Plane & Pilot
Tuesday, December 2, 2008

The Hottest Four Seaters


A look at new fixed-gear, four-seat singles



We’ve surveyed 13 airplanes and hundreds of aircraft owners, and we hope this article helps you make an informed buying decision.

CESSNA SKYHAWK 172SP
The standard Skyhawk is now the 180 hp SP model. Cessna has dropped the old 160 hp version from the lineup. The Skyhawk features a full, two-tube Garmin G1000 and among the most docile handling characteristics in the class. Realistic cruise is about 120 knots, following a 700 fpm climb, but Skyhawks are almost universally regarded as tough little birds. In-flight structural failures are almost unheard of, primarily because the airplanes can’t fly fast enough to generate the necessary high G-forces. Landings are easy, and Skyhawks still represent some of the most popular trainers.


10% of Cessna 350/400 owners fly their aircraft for business purposes only. 70% of Diamond DA40 owners rate their aircraft a perfect 10.
I bought a new Columbia 350 the day Cessna bought the company! The airplane, Cessna and the local Cessna dealer have all exceeded expectations of support and service. It’s built tough, with sleek lines, comfort and performance. I love this plane!
—Larry Fenwick, Fort Worth, Texas
I own a Cessna 400 with a partner, and it has been a great experience. It has opened up a whole new world to me and my family that didn’t exist heretofore.
—Milton Thomas, Summerville, S.C.

CESSNA 350 | CESSNA 400
When Cessna assumed the assets of Columbia Aircraft last year, it elected to leave the airplanes pretty much as it found them. With their low-wing, carbon-fiber designs, the Columbias were very different from any Cessna we had seen before. Designed as head-to-head competitors with the Cirrus airplanes, the new Cessna models offer configuration and performance that’s similar to the popular SR22s. Both the 350 and 400 feature rheostatically controlled air-conditioning as standard equipment, along with the popular Garmin G1000 flat-panel display and GFC 700 autopilot.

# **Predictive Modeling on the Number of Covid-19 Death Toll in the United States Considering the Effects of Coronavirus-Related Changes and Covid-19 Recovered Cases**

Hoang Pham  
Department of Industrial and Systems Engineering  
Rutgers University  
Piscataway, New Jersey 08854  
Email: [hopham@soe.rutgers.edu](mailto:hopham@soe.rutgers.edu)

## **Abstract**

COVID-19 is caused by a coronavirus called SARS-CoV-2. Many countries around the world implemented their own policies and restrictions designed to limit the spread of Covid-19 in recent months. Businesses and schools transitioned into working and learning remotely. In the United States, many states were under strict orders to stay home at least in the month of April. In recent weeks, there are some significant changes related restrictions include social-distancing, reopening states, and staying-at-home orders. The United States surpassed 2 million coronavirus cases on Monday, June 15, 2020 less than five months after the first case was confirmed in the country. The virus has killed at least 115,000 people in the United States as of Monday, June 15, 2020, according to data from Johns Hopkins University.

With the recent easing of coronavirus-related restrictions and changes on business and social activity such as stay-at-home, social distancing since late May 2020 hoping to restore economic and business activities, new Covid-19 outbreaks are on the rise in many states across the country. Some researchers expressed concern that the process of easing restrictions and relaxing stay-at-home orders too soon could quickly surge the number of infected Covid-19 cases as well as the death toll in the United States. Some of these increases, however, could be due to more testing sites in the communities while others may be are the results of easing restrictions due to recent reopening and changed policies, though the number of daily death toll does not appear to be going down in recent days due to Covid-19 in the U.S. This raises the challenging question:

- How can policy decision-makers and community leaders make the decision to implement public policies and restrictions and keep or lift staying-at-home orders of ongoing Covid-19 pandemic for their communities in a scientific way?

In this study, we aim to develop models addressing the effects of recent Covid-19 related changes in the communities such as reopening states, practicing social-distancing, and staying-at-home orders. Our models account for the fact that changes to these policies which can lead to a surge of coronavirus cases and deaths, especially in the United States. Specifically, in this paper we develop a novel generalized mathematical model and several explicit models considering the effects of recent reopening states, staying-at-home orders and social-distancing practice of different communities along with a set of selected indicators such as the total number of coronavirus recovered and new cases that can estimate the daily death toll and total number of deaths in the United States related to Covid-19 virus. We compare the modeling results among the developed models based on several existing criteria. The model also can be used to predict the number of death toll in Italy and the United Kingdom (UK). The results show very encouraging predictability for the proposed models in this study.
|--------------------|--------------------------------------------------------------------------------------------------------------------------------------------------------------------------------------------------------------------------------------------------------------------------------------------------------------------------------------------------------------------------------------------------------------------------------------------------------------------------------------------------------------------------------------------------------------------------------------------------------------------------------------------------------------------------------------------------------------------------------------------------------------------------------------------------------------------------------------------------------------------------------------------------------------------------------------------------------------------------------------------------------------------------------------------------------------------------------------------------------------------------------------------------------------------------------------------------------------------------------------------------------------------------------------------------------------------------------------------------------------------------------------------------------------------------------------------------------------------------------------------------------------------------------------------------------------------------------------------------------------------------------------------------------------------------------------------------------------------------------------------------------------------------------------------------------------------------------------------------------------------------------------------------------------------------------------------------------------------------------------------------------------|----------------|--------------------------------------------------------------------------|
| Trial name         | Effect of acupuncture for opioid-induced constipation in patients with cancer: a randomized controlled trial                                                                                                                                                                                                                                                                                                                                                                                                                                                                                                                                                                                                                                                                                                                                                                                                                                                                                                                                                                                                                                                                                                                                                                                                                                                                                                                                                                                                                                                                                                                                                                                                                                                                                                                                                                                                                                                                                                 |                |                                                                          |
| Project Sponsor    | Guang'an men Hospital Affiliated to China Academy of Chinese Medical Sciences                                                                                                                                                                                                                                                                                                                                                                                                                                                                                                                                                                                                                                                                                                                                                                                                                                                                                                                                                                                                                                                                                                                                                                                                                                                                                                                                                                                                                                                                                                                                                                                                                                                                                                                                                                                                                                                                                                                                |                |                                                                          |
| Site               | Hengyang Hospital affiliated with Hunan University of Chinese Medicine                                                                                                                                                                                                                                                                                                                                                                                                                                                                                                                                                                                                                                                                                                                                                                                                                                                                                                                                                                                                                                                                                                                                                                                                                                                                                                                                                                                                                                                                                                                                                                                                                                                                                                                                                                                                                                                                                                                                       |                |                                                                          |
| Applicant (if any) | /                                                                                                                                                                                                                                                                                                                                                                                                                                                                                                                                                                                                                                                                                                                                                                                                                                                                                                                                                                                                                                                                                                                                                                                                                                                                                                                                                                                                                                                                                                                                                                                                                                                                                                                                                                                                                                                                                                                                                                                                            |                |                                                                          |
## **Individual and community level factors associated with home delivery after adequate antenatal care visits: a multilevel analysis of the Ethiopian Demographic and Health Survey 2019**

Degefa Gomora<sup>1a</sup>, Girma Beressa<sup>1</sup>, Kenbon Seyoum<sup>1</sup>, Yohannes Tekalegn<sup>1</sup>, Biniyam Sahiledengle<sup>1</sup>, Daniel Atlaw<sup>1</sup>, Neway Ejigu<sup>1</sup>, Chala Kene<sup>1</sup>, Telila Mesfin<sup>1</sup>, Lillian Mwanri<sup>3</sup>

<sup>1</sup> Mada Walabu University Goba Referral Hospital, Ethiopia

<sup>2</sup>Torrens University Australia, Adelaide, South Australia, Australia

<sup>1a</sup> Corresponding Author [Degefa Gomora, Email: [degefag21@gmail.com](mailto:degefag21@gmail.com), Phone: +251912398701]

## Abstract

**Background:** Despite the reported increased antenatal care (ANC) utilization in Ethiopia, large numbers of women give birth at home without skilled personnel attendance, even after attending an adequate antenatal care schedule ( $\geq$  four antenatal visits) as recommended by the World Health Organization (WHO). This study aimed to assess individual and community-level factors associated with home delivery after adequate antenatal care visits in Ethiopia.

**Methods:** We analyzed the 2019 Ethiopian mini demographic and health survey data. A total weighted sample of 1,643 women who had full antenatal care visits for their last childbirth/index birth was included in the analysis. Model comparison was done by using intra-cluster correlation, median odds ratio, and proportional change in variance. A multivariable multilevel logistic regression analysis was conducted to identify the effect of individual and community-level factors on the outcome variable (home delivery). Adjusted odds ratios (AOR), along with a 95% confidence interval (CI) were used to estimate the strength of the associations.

Some people own lake houses or camps; I own a Cirrus SR22. I can go anywhere, anytime. It’s the ultimate escape.
—David Ostrowe, Oklahoma City, Okla.
CIRRUS SR22-G3 | CIRRUS SR22-G3 Turbo
In the last few years, the step-up Cirrus Design airplanes have become the most successful in aviation. In 2007, the Cirrus SR22 outsold even the Cessna Skyhawk, despite a sales price that’s nearly $100,000 higher. The SR22 bumps power up to 310 hp, boosting climb to 1,400 fpm and cruise to 185 knots. At economy settings, the standard SR22 can range out more than 1,000 nm. The Turbo model relies on an STC for a blower from George Braly’s Tornado Alley Turbos (www.taturbo.com) of Ada, Okla. Cruise is 219 knots at 20,000 feet.

CESSNA SKYLANE 182T | CESSNA SKYLANE T182T
The Skylane, one of everyone’s favorite four-seaters, now comes in two flavors: normally aspirated and turbocharged. Both airplanes use essentially the same derated, 540-cubic-inch Lycoming engine, and both offer 140-knot cruise in the bottom 10,000 feet of sky. The turbo model boosts top book cruise (88%) to 159 knots at 12,500 feet, and you can bleed even more out of it at higher altitudes. Perhaps ironically, the Skylanes have gained weight with age, and neither model will carry four big passengers and full fuel, formerly a major claim to fame on the older-generation airplanes. Still, Skylanes continue to rule as one of the world’s most popular, uncomplicated four-seaters.